Gliese 581 d seems to be emerging as the exoplanet to talk about in terms of possible life, at least for now. You’ll recall that the initial furor was all about Gl 581 c, but that world now looks to be more Venus-like than anything else, while Gl 581 d may just skirt the outer region of the habitable zone in this interesting system. Thus Dirk Schulze-Makuch’s contention at the recent astrobiology conference in Houston that this ‘super Earth,’ if it holds life, may have creatures on it that have adapted to the gravity of a planet at least seven times as massive as the Earth.
That would probably produce a population that tends to crawl rather than fly, said the Washington State researcher, and we can let our imaginations go to work on the possibilities. As to Gl 581 d itself, its orbit around this red dwarf may place it in the same relative position that Mars is to our Sun, but throw in volcanoes, a magnetic shield and a thick atmosphere with water oceans below and you could have the right astrobiological circumstances. I’m hoping readers will point me to science fictional treatments of higher-gravity settings a bit less extreme than Hal Clement’s Mesklin in the classic Mission of Gravity, where the local life-forms are 50-centimeter long intelligent beings in the shape of centipedes.
Image: Part of a John Schoenherr rendering of Mesklin from Hal Clement’s Mission of Gravity, from the cover of a 1960’s paperback. Could anyone capture the essence of a story better than the remarkable Schoenherr?
Meanwhile, the detection of a true Earth analog is probably not that far away, and when we do find it, what should we expect by way of living beings there? We won’t know for a long time, of course, but it’s worth noting that Simon Conway-Morris has long contended that certain body forms like eyes and wings keep showing up because they are ideal solutions for interacting with an environment like ours. It’s an argument that Charles Lineweaver (Australian National University) doesn’t buy into, as noted in this summary of the Houston conference from Astrobiology Magazine, where Lineweaver is cited on life’s unique evolutionary paths:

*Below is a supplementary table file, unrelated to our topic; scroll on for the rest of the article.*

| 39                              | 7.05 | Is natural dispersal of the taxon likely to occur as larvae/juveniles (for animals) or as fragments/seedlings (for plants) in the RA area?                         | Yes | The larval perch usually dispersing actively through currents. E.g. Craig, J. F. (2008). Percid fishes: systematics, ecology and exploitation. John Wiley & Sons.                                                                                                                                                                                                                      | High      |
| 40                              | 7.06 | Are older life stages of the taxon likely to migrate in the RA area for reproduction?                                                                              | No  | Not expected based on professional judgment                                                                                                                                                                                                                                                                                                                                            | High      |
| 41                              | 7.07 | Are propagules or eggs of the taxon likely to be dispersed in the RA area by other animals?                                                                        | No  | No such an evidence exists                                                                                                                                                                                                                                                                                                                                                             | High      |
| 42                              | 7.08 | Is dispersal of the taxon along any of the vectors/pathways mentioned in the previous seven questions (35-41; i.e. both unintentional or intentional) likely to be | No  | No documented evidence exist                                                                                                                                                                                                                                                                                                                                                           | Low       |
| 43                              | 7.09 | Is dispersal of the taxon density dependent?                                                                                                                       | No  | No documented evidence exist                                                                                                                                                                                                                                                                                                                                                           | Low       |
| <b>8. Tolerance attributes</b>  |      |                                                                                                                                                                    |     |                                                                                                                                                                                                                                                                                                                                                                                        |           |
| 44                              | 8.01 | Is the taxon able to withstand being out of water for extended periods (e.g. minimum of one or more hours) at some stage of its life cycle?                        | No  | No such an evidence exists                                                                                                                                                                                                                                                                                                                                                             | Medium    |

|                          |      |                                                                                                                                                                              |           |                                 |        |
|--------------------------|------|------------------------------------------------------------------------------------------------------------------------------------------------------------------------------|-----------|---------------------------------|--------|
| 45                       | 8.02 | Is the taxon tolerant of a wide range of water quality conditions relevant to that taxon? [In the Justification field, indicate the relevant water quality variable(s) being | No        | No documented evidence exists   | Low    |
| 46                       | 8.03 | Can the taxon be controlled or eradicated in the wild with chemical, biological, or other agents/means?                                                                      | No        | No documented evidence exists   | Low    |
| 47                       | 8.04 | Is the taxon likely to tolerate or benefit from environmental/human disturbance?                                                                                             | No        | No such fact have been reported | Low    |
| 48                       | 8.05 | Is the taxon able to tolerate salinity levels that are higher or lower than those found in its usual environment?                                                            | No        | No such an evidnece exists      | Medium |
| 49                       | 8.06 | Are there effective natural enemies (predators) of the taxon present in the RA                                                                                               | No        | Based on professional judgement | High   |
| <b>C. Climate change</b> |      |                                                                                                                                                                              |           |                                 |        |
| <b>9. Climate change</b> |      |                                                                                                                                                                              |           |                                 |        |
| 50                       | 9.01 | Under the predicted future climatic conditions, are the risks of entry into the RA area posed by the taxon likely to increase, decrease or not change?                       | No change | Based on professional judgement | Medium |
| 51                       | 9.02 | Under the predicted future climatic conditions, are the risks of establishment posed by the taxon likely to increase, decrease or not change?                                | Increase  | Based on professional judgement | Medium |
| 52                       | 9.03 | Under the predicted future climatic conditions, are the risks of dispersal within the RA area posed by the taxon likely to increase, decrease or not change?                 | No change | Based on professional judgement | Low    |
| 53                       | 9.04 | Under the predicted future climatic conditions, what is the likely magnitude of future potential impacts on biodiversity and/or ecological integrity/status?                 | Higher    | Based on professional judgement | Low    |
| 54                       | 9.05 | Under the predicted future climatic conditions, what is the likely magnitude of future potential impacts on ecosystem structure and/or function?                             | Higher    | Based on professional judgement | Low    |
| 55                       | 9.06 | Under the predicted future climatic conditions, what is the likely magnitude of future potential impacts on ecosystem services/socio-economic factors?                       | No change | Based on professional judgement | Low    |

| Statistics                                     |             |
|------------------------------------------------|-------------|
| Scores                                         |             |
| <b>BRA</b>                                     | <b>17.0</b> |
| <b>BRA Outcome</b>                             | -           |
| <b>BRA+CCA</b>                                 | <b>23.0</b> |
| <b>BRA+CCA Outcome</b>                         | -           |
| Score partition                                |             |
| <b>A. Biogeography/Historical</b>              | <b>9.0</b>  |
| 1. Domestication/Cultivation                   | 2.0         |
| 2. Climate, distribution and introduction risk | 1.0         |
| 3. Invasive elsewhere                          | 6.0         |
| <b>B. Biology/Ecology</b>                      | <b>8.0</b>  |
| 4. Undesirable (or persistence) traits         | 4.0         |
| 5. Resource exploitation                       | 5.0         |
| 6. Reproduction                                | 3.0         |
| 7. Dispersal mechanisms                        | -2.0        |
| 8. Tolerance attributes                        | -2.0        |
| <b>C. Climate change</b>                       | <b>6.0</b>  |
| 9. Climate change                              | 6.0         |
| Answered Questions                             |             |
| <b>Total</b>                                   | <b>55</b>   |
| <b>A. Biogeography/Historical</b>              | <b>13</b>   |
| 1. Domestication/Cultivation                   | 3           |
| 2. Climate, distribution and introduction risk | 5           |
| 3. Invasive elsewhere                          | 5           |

This theory of convergence, says Lineweaver, is flawed because it ignores the fact that life on Earth shares certain genes, and those genes are the foundation for what bodily forms can eventually develop. For instance, people often point to dolphin brain size as an instance of convergence with humans. Lineweaver says such a claim is ridiculous because it ignores the fact that 60 million years ago, humans and dolphins diverged from a common ancestor.
And will the life we eventually find be intelligent? Again, it will be a long time before we know, but I liked this ‘tweet’ from the same conference: “The word ‘intelligence’ is now so loaded it’s almost not useful. Better to say ‘species signaling apparatus.’ -C. Lineweaver”. Twitter skeptics should bear in mind how much a tiny message like that — sent by an attendee at a Lineweaver session at the conference — can turn a day’s writing in new directions.
You’ll find pocket summaries of some of the conference’s most interesting sessions in the Astrobiology Magazine feature, along with the predictions of Chris Impey (University of Arizona), who points to the future participation (if not driving influence) of private companies in the exploration of the outer Solar System. I’m not sure whether it was Impey or author Leslie Mullen who threw in the parting exhortation: ‘By 2060 – Voyage to Alpha Centauri!’ but I’m all for the idea, even if the realist in me thinks that voyage is about 250 years off. The beauty of the future, of course, is that our predictions are so often wrong, as I hope mine is.